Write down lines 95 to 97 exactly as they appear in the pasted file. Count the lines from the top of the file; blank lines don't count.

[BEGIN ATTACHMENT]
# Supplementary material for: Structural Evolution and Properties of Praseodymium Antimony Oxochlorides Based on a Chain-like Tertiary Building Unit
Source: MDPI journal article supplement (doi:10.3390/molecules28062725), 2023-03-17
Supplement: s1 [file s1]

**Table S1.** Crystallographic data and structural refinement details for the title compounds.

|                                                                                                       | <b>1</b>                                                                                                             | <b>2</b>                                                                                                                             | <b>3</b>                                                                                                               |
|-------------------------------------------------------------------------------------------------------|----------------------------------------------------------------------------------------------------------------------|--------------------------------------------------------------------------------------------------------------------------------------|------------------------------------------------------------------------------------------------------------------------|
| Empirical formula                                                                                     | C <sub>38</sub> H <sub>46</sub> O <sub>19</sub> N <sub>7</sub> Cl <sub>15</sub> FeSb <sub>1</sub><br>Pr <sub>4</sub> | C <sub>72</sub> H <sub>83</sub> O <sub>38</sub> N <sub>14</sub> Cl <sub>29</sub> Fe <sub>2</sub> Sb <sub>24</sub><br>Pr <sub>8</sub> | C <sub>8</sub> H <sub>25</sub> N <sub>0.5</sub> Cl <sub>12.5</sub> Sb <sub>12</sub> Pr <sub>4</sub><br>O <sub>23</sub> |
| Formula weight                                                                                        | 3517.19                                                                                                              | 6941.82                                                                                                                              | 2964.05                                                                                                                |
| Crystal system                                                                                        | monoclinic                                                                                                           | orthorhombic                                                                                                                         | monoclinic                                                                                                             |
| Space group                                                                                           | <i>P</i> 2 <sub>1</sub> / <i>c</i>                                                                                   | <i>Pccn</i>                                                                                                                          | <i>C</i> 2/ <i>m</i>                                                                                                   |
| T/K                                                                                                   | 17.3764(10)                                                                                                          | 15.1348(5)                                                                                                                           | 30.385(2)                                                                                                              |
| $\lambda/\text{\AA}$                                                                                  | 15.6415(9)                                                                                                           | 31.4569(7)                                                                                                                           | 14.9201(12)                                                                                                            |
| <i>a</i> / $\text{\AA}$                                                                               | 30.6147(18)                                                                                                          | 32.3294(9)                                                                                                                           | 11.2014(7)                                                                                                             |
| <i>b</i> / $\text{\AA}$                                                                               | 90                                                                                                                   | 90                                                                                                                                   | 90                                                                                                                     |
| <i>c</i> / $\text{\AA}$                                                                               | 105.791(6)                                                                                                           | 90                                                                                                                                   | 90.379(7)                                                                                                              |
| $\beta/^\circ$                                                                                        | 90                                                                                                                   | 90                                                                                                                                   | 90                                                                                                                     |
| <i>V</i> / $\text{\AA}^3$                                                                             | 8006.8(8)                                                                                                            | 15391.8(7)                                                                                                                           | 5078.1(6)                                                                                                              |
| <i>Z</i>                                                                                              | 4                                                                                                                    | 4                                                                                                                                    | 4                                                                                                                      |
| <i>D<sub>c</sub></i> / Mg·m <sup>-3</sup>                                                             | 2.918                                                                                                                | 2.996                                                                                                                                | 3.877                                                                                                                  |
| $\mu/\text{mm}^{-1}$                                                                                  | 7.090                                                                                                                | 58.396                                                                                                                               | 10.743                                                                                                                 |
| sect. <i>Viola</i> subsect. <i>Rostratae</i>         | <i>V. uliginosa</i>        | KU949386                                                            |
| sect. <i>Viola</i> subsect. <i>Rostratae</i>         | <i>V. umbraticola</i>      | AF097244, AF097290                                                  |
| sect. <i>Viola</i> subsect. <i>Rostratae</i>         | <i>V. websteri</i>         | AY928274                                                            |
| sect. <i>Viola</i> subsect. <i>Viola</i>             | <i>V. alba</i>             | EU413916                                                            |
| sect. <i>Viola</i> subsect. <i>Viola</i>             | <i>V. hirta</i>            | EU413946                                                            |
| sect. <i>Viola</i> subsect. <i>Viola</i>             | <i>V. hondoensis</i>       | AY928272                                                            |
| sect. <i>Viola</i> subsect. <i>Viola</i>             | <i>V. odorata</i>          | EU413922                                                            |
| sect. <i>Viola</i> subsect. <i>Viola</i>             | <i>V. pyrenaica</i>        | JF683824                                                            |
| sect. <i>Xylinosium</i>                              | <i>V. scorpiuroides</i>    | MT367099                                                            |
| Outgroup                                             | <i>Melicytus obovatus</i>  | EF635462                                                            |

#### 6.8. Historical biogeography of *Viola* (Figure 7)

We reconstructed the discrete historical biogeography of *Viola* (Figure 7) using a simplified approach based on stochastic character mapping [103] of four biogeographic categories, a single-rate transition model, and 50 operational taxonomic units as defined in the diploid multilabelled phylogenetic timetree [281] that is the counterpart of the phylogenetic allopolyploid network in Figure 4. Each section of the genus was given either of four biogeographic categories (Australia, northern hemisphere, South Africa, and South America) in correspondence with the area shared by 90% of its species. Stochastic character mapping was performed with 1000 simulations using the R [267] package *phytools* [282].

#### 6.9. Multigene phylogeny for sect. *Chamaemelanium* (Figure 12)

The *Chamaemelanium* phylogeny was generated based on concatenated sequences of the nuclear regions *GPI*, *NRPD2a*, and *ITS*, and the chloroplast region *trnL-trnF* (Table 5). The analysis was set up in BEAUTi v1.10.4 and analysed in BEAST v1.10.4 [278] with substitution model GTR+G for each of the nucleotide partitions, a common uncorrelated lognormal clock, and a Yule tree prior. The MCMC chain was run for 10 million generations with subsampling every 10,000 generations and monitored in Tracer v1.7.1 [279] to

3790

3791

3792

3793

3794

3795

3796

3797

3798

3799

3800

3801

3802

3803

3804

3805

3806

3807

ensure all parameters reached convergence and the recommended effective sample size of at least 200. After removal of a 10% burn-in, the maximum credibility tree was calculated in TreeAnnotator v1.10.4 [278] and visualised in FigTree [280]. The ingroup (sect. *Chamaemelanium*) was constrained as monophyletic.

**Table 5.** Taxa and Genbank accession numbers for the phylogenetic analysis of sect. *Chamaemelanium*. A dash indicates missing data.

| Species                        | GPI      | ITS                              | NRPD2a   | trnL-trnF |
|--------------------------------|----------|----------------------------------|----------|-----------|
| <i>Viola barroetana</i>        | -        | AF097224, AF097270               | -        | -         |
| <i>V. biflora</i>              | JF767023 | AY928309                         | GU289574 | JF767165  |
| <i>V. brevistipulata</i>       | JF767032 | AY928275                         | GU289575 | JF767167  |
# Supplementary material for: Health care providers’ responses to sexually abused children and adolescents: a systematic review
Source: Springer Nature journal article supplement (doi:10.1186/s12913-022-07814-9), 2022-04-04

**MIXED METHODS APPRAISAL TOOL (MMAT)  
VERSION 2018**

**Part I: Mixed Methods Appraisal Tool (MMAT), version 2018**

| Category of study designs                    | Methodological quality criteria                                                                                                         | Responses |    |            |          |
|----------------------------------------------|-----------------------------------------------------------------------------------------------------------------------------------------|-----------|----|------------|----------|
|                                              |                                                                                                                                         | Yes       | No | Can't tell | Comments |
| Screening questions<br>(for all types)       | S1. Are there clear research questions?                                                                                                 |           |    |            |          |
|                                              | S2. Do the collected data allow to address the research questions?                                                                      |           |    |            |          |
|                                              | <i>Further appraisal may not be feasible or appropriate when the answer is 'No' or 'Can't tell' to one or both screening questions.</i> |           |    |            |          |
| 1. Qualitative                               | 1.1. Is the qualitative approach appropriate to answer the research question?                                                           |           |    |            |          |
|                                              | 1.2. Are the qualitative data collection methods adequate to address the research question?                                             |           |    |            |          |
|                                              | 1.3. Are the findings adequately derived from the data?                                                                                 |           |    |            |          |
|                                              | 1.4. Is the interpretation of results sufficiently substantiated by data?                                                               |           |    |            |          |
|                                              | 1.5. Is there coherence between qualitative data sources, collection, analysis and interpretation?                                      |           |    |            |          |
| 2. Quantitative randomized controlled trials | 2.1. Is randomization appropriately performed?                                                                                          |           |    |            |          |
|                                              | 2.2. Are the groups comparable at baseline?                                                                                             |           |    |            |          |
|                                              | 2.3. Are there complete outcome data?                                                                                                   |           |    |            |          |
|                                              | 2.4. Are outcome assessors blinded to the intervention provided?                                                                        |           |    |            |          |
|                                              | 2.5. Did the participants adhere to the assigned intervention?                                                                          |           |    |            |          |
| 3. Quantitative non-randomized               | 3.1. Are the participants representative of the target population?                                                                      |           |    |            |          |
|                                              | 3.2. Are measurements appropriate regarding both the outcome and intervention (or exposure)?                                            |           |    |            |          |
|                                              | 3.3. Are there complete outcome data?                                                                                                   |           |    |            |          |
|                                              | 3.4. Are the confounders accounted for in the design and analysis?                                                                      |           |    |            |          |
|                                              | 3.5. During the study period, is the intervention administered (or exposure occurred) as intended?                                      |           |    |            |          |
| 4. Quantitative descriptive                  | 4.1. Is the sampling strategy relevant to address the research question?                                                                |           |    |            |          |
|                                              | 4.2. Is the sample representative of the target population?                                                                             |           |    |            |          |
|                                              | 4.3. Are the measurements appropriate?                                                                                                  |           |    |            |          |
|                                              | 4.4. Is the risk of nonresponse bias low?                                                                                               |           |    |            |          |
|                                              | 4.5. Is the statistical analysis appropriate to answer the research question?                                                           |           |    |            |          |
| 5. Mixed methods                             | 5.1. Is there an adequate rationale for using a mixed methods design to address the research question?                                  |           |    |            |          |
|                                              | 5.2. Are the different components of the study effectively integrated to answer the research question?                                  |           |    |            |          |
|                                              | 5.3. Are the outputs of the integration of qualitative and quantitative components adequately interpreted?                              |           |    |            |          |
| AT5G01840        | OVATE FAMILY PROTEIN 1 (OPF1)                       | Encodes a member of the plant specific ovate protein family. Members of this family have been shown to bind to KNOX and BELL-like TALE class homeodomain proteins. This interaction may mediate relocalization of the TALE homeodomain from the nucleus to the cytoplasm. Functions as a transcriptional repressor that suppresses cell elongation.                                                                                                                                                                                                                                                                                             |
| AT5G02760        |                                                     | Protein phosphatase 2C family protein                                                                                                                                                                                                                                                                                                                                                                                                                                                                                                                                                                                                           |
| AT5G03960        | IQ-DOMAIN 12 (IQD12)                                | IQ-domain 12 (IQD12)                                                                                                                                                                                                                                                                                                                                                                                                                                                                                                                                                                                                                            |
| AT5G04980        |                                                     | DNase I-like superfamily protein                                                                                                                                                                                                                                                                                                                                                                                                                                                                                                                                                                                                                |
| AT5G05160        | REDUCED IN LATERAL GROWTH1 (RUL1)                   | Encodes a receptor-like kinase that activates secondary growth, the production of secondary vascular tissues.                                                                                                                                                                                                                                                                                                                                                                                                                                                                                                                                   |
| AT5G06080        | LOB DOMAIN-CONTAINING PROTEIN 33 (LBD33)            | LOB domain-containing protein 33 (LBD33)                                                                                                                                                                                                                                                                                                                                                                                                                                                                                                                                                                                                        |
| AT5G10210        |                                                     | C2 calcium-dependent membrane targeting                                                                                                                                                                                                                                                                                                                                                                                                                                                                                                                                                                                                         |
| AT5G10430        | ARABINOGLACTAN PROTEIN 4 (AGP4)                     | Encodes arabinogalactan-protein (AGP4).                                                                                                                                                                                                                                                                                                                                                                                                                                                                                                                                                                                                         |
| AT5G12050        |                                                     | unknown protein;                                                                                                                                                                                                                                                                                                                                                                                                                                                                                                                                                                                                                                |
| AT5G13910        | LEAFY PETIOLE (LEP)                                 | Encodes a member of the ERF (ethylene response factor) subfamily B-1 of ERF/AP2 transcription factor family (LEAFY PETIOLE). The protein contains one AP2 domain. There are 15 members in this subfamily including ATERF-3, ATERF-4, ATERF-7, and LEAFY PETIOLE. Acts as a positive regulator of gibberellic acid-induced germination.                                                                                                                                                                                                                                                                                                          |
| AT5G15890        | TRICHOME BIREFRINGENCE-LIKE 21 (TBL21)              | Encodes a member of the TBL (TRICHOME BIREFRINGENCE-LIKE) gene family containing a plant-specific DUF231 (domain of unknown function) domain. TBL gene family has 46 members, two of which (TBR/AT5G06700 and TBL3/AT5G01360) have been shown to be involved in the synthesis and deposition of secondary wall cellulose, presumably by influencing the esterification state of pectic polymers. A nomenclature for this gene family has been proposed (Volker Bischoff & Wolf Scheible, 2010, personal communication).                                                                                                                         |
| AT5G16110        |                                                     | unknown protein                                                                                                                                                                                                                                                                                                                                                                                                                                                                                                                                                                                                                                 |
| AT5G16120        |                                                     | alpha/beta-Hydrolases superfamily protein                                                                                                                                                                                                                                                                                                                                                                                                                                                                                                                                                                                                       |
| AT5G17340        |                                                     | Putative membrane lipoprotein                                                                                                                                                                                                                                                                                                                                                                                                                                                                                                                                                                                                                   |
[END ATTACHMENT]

| AT5G02760        |                                                     | Protein phosphatase 2C family protein                                                                                                                                                                                                                                                                                                                                                                                                                                                                                                                                                                                                           |
| AT5G03960        | IQ-DOMAIN 12 (IQD12)                                | IQ-domain 12 (IQD12)                                                                                                                                                                                                                                                                                                                                                                                                                                                                                                                                                                                                                            |
| AT5G04980        |                                                     | DNase I-like superfamily protein                                                                                                                                                                                                                                                                                                                                                                                                                                                                                                                                                                                                                |